Sometimes, we can’t stop people from doing harm to us, but we can stop the harm in our mind. If we calm down and reflect, “Yes that person slandered me half a year ago. But the incident happened a long time ago.”

What makes this hatred continue is solely controlled by us. We cannot accept incidents like ridicule, defamation, loss and sorrow. We have this strong aversion within us and as such we keep on thinking about the incident. We are like a malfunction recorder replaying this incident day after day, hour after hour, minutes after minutes, second after second. The intensity grows every second. We don’t want to self-liberate, in fact, we take a rope to tie ourselves. You might think that is nonsense because she is the one who slandered me. Well, being slandered was the first arrow being shot into you but refreshing the incident every now and then in your mind was the second arrow shot by yourself. 

From these eight worldly conditions we can see our attachment to praise, honor, gain and joy and that you find it so difficult to accept the other opposites. Once we get these concepts right, then the rest is about application. We have to keep on reminding ourselves that all these eight worldly conditions that are not only happening to us, but to everyone. And through reflection, we don’t grasp at praise, honor, gain and joy. Then we could face ridicule, defamation, loss, and sorrow with greater ease.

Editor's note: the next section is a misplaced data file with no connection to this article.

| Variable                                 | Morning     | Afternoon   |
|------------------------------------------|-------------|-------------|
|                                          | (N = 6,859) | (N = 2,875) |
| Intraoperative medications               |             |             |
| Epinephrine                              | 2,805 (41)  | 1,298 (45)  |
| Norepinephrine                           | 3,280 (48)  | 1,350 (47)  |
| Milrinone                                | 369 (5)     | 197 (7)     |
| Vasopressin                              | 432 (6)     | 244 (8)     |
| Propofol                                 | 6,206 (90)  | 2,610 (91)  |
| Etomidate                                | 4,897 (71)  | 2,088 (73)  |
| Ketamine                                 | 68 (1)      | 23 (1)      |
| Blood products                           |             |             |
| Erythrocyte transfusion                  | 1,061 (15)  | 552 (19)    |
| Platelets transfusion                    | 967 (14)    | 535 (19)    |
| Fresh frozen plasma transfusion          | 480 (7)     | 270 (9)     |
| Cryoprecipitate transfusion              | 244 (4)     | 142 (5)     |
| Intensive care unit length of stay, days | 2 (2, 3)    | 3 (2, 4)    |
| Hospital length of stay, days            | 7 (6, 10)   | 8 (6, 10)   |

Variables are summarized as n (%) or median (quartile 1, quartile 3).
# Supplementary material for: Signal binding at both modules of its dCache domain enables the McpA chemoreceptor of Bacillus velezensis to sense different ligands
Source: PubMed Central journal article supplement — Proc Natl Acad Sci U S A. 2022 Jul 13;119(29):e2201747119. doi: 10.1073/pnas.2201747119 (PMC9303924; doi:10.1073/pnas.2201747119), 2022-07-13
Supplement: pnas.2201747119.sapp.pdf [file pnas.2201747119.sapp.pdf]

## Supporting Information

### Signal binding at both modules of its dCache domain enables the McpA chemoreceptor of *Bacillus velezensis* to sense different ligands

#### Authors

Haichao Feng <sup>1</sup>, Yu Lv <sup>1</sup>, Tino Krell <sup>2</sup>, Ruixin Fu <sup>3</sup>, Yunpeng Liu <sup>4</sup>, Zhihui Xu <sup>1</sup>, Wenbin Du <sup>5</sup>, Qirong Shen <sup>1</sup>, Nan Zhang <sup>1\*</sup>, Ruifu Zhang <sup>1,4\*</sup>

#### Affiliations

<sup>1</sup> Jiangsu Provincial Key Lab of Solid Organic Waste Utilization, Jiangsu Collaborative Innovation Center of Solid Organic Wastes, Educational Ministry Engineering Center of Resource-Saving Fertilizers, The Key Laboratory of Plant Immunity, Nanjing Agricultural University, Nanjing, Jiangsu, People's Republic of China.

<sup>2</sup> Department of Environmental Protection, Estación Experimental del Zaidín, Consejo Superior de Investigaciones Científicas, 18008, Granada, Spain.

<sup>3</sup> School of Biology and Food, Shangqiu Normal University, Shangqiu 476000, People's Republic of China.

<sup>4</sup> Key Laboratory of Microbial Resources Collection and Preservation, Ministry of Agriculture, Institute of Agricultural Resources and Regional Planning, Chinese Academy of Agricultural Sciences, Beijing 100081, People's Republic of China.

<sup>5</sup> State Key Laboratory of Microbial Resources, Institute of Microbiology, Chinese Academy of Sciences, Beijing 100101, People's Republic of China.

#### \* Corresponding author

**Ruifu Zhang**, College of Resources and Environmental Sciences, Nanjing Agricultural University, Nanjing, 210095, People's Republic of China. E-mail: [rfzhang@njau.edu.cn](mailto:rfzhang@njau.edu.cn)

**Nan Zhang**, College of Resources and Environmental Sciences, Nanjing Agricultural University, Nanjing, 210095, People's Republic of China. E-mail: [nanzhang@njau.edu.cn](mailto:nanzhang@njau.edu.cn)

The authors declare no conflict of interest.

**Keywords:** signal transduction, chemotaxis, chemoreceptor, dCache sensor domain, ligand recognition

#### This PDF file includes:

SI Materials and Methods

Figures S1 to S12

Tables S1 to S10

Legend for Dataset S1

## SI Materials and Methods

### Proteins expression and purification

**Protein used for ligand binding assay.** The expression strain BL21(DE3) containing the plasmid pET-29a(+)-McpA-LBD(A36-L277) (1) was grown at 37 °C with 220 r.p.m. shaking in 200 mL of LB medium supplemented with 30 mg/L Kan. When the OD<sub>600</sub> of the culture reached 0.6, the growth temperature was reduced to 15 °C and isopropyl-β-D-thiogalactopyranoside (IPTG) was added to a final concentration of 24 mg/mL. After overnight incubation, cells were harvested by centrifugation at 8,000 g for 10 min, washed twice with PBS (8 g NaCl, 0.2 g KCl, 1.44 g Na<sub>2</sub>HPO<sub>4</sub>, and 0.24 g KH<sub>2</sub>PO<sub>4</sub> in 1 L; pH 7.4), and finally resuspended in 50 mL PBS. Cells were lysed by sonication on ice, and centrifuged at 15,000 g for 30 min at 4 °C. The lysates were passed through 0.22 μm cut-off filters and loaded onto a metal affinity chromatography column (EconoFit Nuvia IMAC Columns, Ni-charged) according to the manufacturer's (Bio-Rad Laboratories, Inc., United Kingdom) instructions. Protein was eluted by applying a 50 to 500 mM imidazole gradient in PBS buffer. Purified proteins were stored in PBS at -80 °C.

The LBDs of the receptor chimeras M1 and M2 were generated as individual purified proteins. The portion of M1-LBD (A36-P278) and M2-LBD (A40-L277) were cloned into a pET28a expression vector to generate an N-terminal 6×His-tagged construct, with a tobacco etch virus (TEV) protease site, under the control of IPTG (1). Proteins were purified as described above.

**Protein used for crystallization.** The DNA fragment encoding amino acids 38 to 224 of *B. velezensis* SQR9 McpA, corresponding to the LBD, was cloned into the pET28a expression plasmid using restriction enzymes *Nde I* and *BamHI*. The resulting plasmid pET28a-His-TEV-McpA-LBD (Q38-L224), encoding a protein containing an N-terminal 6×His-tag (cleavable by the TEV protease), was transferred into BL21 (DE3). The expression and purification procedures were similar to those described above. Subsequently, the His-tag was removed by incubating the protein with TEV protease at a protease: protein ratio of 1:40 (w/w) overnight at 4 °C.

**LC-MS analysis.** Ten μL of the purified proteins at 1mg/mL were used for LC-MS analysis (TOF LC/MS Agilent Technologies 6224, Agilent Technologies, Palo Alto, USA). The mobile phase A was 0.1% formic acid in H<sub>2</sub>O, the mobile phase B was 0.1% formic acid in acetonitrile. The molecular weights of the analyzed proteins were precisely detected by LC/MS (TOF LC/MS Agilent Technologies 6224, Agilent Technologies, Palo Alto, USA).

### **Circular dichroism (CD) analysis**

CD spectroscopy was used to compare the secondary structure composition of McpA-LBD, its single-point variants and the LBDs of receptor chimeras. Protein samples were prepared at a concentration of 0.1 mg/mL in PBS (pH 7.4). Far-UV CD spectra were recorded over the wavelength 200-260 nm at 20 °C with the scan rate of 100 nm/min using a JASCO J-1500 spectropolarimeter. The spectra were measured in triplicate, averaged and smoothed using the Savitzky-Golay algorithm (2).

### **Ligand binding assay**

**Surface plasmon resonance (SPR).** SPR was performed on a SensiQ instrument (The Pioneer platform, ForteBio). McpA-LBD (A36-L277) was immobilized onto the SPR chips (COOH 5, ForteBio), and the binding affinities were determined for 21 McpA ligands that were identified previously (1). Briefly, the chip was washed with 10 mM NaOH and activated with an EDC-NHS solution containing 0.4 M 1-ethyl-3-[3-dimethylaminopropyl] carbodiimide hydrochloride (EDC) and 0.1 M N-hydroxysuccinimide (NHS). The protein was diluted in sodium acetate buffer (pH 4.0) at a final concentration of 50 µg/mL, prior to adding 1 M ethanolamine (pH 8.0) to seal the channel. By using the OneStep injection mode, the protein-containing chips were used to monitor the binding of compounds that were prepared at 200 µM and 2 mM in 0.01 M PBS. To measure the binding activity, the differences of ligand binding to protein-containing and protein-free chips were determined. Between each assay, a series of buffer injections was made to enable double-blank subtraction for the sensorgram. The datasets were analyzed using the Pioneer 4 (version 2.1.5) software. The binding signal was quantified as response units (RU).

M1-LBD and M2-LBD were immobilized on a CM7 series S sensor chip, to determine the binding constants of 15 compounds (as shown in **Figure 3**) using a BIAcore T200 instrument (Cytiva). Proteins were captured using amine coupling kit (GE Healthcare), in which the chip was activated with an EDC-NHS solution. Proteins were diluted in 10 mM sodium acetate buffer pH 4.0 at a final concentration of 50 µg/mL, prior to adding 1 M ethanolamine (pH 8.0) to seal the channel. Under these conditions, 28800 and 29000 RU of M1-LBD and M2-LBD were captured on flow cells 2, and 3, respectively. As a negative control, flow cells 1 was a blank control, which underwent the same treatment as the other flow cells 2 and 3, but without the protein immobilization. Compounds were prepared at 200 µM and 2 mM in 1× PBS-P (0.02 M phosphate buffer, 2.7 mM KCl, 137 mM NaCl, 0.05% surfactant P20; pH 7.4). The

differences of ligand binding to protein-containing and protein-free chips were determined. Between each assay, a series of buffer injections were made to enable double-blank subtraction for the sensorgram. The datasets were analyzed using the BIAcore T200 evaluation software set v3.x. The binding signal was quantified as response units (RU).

We would not put all the blame on the other person for the mental afflictions that we are suffering which in this case is for half a year.

IV. The Winds of Change will Blow Over

Tolerance and patience cultivate one’s magnanimity, so we get to be broad-minded. We learn to accept others’ wrongdoings and faults. Avoidance and letting others be are ways of preventing conflicts. Respect and space show regard for an opponent allowing one to become greater and stronger. It is like playing basketball: without an opponent a match cannot happen.

Some people choose to live in seclusion to avoid the eight worldly conditions. But even if you choose to stay alone on an island, you will still be unhappy or dissatisfied. You may be unhappy with the weather, the insects, the food, and the list goes on. The external environment or people may make us unhappy, but avoidance is not the way. 

There is a parable in a Buddhist Commentary. During those ancient days, people usually walked with bare feet. When walking through a forest, you stepped on stones, twigs, etc. You can choose to clear all these away. But the forest is huge, this is impossible. However, if you put on a pair of thick socks (there are no shoes during those days), you can move around freely in the forest, enjoying the scenery, the fragrance, and others. The Dharma is like a pair of socks, it keeps your mind protected from afflictions.

Life is filled with trials of honors, disgrace, gains and losses. In complacency, one feels a sense of pride. But in disappointment, one should not brood over gains and loss or live in self-denial. Impermanence means that honors, disgrace, gains and losses are all fleeting; if one is attached towards them, one will be shackled by them like a prisoner. Hence, one should have a mindset as illustrated by the verse:

When the wind blows through scattered bamboos,
As soon as it passes, the sound also leaves;
When a goose flies over a winter pond,
As soon as it passes, its reflection too flies away.

VII. Conclusion

When immune to the harms of poisonous arrows shot by malicious speech, defamation, honour, pride, or disgrace, one can truly be considered carefree unmoved by the Eight Winds.

Thank you and I hope that you enjoy the breeze when the wind blows.